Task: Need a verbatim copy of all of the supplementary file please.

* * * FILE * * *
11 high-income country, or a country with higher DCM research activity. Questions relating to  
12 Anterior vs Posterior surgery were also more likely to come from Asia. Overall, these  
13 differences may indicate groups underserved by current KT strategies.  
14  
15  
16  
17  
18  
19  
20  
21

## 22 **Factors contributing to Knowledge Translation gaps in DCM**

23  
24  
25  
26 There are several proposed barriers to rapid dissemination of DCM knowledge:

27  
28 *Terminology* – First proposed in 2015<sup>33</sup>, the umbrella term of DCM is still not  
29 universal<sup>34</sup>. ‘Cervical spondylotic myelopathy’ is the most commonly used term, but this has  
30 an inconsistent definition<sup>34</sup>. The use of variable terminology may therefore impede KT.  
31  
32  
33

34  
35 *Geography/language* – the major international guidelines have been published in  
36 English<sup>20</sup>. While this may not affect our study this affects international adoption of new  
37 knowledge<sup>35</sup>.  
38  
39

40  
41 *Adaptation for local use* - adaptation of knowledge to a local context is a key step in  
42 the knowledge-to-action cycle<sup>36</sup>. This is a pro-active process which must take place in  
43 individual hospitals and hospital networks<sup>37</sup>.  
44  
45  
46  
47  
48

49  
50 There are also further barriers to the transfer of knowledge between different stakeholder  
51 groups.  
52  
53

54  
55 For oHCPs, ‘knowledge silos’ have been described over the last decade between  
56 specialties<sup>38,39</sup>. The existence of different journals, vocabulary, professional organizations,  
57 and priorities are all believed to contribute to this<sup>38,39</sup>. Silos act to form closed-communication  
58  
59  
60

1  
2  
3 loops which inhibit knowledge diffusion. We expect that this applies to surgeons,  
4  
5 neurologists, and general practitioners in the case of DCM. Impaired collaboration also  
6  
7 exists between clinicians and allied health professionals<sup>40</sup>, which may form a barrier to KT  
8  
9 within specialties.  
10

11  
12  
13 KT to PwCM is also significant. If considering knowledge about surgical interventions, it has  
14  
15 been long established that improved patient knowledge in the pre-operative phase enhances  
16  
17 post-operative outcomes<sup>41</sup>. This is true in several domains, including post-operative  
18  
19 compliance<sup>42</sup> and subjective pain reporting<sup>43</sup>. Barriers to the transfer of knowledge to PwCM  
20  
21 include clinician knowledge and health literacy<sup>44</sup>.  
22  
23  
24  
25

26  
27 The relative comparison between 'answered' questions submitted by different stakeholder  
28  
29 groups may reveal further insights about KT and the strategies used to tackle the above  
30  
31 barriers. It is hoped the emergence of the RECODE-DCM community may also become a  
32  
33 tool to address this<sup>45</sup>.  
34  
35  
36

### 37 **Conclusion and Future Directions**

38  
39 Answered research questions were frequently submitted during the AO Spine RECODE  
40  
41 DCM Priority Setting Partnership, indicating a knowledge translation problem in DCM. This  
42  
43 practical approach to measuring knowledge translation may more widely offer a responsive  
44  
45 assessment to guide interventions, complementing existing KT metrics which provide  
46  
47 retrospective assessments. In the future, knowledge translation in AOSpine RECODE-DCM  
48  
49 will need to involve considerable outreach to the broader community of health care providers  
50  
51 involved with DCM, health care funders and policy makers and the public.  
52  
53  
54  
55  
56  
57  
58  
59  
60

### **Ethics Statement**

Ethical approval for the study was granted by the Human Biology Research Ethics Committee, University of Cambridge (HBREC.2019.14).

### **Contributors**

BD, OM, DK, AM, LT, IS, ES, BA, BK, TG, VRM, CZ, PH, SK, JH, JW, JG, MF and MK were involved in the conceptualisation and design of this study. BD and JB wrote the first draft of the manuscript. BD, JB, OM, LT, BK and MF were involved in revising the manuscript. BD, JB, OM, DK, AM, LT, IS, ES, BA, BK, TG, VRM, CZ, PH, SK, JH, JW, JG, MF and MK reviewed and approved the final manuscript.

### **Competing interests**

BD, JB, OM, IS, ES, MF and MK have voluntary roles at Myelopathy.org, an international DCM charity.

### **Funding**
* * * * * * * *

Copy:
11 high-income country, or a country with higher DCM research activity. Questions relating to  
12 Anterior vs Posterior surgery were also more likely to come from Asia. Overall, these  
13 differences may indicate groups underserved by current KT strategies.  
14  
15  
16  
17  
18  
19  
20  
21

## 22 **Factors contributing to Knowledge Translation gaps in DCM**

23  
24  
25  
26 There are several proposed barriers to rapid dissemination of DCM knowledge:

27  
28 *Terminology* – First proposed in 2015<sup>33</sup>, the umbrella term of DCM is still not  
29 universal<sup>34</sup>. ‘Cervical spondylotic myelopathy’ is the most commonly used term, but this has  
30 an inconsistent definition<sup>34</sup>. The use of variable terminology may therefore impede KT.  
31  
32  
33

34  
35 *Geography/language* – the major international guidelines have been published in  
36 English<sup>20</sup>. While this may not affect our study this affects international adoption of new  
37 knowledge<sup>35</sup>.  
38  
39

40  
41 *Adaptation for local use* - adaptation of knowledge to a local context is a key step in  
42 the knowledge-to-action cycle<sup>36</sup>. This is a pro-active process which must take place in  
43 individual hospitals and hospital networks<sup>37</sup>.  
44  
45  
46  
47  
48

49  
50 There are also further barriers to the transfer of knowledge between different stakeholder  
51 groups.  
52  
53

54  
55 For oHCPs, ‘knowledge silos’ have been described over the last decade between  
56 specialties<sup>38,39</sup>. The existence of different journals, vocabulary, professional organizations,  
57 and priorities are all believed to contribute to this<sup>38,39</sup>. Silos act to form closed-communication  
58  
59  
60

1  
2  
3 loops which inhibit knowledge diffusion. We expect that this applies to surgeons,  
4  
5 neurologists, and general practitioners in the case of DCM. Impaired collaboration also  
6  
7 exists between clinicians and allied health professionals<sup>40</sup>, which may form a barrier to KT  
8  
9 within specialties.  
10

11  
12  
13 KT to PwCM is also significant. If considering knowledge about surgical interventions, it has  
14  
15 been long established that improved patient knowledge in the pre-operative phase enhances  
16  
17 post-operative outcomes<sup>41</sup>. This is true in several domains, including post-operative  
18  
19 compliance<sup>42</sup> and subjective pain reporting<sup>43</sup>. Barriers to the transfer of knowledge to PwCM  
20  
21 include clinician knowledge and health literacy<sup>44</sup>.  
22  
23  
24  
25

26  
27 The relative comparison between 'answered' questions submitted by different stakeholder  
28  
29 groups may reveal further insights about KT and the strategies used to tackle the above  
30  
31 barriers. It is hoped the emergence of the RECODE-DCM community may also become a  
32  
33 tool to address this<sup>45</sup>.  
34  
35  
36

### 37 **Conclusion and Future Directions**

38  
39 Answered research questions were frequently submitted during the AO Spine RECODE  
40  
41 DCM Priority Setting Partnership, indicating a knowledge translation problem in DCM. This  
42  
43 practical approach to measuring knowledge translation may more widely offer a responsive  
44  
45 assessment to guide interventions, complementing existing KT metrics which provide  
46  
47 retrospective assessments. In the future, knowledge translation in AOSpine RECODE-DCM  
48  
49 will need to involve considerable outreach to the broader community of health care providers  
50  
51 involved with DCM, health care funders and policy makers and the public.  
52  
53  
54  
55  
56  
57  
58  
59  
60

### **Ethics Statement**

Ethical approval for the study was granted by the Human Biology Research Ethics Committee, University of Cambridge (HBREC.2019.14).

### **Contributors**

BD, OM, DK, AM, LT, IS, ES, BA, BK, TG, VRM, CZ, PH, SK, JH, JW, JG, MF and MK were involved in the conceptualisation and design of this study. BD and JB wrote the first draft of the manuscript. BD, JB, OM, LT, BK and MF were involved in revising the manuscript. BD, JB, OM, DK, AM, LT, IS, ES, BA, BK, TG, VRM, CZ, PH, SK, JH, JW, JG, MF and MK reviewed and approved the final manuscript.

### **Competing interests**

BD, JB, OM, IS, ES, MF and MK have voluntary roles at Myelopathy.org, an international DCM charity.

### **Funding**